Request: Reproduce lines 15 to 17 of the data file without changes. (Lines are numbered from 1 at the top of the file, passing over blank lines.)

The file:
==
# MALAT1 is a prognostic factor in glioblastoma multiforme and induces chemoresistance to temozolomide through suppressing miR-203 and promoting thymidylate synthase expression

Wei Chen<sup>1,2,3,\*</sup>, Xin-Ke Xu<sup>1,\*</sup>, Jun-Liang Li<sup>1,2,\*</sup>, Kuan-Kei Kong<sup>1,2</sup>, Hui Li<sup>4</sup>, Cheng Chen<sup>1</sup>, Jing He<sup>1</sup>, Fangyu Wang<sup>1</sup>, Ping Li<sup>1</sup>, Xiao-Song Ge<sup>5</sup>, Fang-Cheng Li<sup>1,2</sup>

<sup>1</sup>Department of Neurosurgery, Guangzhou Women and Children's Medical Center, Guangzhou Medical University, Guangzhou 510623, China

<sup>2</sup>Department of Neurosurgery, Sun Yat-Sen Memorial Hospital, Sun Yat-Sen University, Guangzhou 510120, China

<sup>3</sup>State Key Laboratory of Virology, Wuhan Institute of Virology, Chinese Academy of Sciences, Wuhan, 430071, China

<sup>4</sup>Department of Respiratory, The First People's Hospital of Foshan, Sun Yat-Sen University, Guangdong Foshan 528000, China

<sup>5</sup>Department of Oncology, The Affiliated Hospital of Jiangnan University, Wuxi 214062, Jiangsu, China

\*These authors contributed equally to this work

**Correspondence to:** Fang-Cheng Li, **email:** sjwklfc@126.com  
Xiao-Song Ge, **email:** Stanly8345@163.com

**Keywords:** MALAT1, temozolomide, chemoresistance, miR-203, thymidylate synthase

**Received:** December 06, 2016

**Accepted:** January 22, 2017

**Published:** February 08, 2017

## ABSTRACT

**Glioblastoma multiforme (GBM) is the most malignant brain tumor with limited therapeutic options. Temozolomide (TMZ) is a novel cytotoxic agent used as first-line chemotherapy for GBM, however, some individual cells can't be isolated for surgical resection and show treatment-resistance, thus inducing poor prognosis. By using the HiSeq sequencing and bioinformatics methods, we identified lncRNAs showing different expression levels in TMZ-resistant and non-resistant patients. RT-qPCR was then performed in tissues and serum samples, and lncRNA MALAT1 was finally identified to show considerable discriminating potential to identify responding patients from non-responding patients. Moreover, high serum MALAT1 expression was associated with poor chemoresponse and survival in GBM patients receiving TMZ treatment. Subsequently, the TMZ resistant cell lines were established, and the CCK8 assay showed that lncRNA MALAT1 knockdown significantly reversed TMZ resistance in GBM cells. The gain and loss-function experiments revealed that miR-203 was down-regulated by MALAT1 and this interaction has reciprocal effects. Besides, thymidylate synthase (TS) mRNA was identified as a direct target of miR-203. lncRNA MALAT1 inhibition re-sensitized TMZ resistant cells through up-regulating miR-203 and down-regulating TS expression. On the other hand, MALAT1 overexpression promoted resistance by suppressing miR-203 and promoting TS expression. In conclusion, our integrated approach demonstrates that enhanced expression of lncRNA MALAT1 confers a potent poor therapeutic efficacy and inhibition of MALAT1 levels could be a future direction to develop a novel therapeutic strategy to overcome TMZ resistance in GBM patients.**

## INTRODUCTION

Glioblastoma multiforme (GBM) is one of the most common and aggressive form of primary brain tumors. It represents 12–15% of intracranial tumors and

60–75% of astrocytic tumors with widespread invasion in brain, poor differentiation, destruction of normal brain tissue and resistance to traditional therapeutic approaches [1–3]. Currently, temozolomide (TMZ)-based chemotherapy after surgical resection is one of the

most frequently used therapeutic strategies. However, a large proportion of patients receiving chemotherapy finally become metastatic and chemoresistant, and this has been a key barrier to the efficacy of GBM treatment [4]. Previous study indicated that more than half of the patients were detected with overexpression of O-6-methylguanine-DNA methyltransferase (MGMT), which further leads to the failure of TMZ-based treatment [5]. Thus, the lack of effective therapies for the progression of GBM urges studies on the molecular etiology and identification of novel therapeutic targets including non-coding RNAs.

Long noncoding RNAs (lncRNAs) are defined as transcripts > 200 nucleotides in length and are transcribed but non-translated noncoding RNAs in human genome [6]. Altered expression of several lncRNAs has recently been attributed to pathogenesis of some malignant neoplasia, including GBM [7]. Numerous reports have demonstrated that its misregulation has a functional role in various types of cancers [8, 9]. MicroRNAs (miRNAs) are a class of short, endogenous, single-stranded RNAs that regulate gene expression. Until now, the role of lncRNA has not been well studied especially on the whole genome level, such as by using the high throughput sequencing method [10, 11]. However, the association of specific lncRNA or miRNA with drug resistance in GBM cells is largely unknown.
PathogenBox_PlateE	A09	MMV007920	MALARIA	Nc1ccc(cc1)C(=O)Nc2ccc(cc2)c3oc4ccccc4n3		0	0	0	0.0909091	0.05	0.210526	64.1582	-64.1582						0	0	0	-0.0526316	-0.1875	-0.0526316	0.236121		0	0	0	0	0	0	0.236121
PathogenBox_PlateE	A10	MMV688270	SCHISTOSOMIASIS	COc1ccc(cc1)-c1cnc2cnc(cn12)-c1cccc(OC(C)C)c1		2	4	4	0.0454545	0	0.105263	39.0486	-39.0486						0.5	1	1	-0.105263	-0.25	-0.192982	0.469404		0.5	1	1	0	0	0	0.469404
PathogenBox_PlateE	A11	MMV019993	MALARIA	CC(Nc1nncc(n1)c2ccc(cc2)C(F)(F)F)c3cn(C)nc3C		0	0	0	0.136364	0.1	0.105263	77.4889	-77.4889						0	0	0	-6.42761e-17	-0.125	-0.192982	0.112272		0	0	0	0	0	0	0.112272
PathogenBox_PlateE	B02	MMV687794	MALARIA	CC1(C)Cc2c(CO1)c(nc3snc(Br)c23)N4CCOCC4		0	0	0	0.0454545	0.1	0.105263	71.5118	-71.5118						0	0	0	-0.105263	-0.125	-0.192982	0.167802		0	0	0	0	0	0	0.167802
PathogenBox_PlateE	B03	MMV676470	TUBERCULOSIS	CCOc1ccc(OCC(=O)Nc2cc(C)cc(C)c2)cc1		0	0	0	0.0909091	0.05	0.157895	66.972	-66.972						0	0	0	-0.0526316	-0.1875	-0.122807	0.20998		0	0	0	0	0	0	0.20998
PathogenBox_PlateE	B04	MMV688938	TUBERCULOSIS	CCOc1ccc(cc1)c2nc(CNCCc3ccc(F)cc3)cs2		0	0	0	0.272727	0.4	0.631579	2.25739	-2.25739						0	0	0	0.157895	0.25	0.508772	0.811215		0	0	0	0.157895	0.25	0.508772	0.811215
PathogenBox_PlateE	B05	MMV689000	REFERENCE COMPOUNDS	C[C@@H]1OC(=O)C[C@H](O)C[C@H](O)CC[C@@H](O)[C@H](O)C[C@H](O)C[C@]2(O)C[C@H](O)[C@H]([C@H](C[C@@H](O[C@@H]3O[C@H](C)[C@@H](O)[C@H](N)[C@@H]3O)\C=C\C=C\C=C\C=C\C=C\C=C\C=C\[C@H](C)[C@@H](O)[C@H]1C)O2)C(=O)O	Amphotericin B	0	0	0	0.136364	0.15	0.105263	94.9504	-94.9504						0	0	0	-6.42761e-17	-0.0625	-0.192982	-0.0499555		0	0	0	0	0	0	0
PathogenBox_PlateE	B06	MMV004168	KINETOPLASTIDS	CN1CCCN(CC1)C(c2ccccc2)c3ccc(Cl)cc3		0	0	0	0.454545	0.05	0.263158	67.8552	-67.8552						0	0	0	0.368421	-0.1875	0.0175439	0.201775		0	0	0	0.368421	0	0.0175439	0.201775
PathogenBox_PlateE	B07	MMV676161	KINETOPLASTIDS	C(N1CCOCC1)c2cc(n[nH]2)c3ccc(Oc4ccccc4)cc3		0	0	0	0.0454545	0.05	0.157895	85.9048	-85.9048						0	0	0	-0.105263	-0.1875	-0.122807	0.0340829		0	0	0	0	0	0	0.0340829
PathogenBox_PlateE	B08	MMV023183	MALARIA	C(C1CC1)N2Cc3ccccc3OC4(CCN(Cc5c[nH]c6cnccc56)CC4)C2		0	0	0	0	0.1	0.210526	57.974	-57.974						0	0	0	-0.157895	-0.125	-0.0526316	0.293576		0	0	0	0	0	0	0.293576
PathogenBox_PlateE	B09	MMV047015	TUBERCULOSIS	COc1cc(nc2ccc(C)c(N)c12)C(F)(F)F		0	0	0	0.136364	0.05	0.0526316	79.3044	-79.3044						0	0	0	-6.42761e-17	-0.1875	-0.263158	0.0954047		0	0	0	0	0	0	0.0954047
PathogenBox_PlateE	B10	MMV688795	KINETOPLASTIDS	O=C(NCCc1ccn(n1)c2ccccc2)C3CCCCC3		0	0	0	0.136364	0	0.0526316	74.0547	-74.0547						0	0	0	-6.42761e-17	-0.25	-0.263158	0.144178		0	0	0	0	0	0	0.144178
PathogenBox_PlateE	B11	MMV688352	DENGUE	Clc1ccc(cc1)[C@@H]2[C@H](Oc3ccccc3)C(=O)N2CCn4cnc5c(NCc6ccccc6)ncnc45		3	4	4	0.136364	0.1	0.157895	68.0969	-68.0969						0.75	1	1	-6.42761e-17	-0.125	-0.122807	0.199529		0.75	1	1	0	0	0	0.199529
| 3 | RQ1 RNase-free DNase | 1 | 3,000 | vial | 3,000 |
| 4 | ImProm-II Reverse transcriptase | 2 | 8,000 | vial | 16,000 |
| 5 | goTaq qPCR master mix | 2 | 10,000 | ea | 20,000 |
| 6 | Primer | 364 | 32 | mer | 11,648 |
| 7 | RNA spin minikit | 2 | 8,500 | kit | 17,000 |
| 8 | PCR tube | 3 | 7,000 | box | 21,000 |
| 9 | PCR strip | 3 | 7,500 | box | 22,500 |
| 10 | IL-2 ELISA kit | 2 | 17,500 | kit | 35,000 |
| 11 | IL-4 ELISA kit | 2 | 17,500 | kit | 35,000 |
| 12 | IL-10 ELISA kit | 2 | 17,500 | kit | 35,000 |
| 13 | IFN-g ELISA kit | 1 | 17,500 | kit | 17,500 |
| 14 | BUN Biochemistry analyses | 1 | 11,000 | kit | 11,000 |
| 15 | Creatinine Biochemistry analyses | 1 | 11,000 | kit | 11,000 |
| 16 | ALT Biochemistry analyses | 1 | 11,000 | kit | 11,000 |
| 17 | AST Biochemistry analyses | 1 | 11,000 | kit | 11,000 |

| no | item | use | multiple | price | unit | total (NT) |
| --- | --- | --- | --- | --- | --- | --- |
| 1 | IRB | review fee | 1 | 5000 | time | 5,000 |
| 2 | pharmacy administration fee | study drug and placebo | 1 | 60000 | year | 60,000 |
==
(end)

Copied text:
## ABSTRACT

**Glioblastoma multiforme (GBM) is the most malignant brain tumor with limited therapeutic options. Temozolomide (TMZ) is a novel cytotoxic agent used as first-line chemotherapy for GBM, however, some individual cells can't be isolated for surgical resection and show treatment-resistance, thus inducing poor prognosis. By using the HiSeq sequencing and bioinformatics methods, we identified lncRNAs showing different expression levels in TMZ-resistant and non-resistant patients. RT-qPCR was then performed in tissues and serum samples, and lncRNA MALAT1 was finally identified to show considerable discriminating potential to identify responding patients from non-responding patients. Moreover, high serum MALAT1 expression was associated with poor chemoresponse and survival in GBM patients receiving TMZ treatment. Subsequently, the TMZ resistant cell lines were established, and the CCK8 assay showed that lncRNA MALAT1 knockdown significantly reversed TMZ resistance in GBM cells. The gain and loss-function experiments revealed that miR-203 was down-regulated by MALAT1 and this interaction has reciprocal effects. Besides, thymidylate synthase (TS) mRNA was identified as a direct target of miR-203. lncRNA MALAT1 inhibition re-sensitized TMZ resistant cells through up-regulating miR-203 and down-regulating TS expression. On the other hand, MALAT1 overexpression promoted resistance by suppressing miR-203 and promoting TS expression. In conclusion, our integrated approach demonstrates that enhanced expression of lncRNA MALAT1 confers a potent poor therapeutic efficacy and inhibition of MALAT1 levels could be a future direction to develop a novel therapeutic strategy to overcome TMZ resistance in GBM patients.**

## INTRODUCTION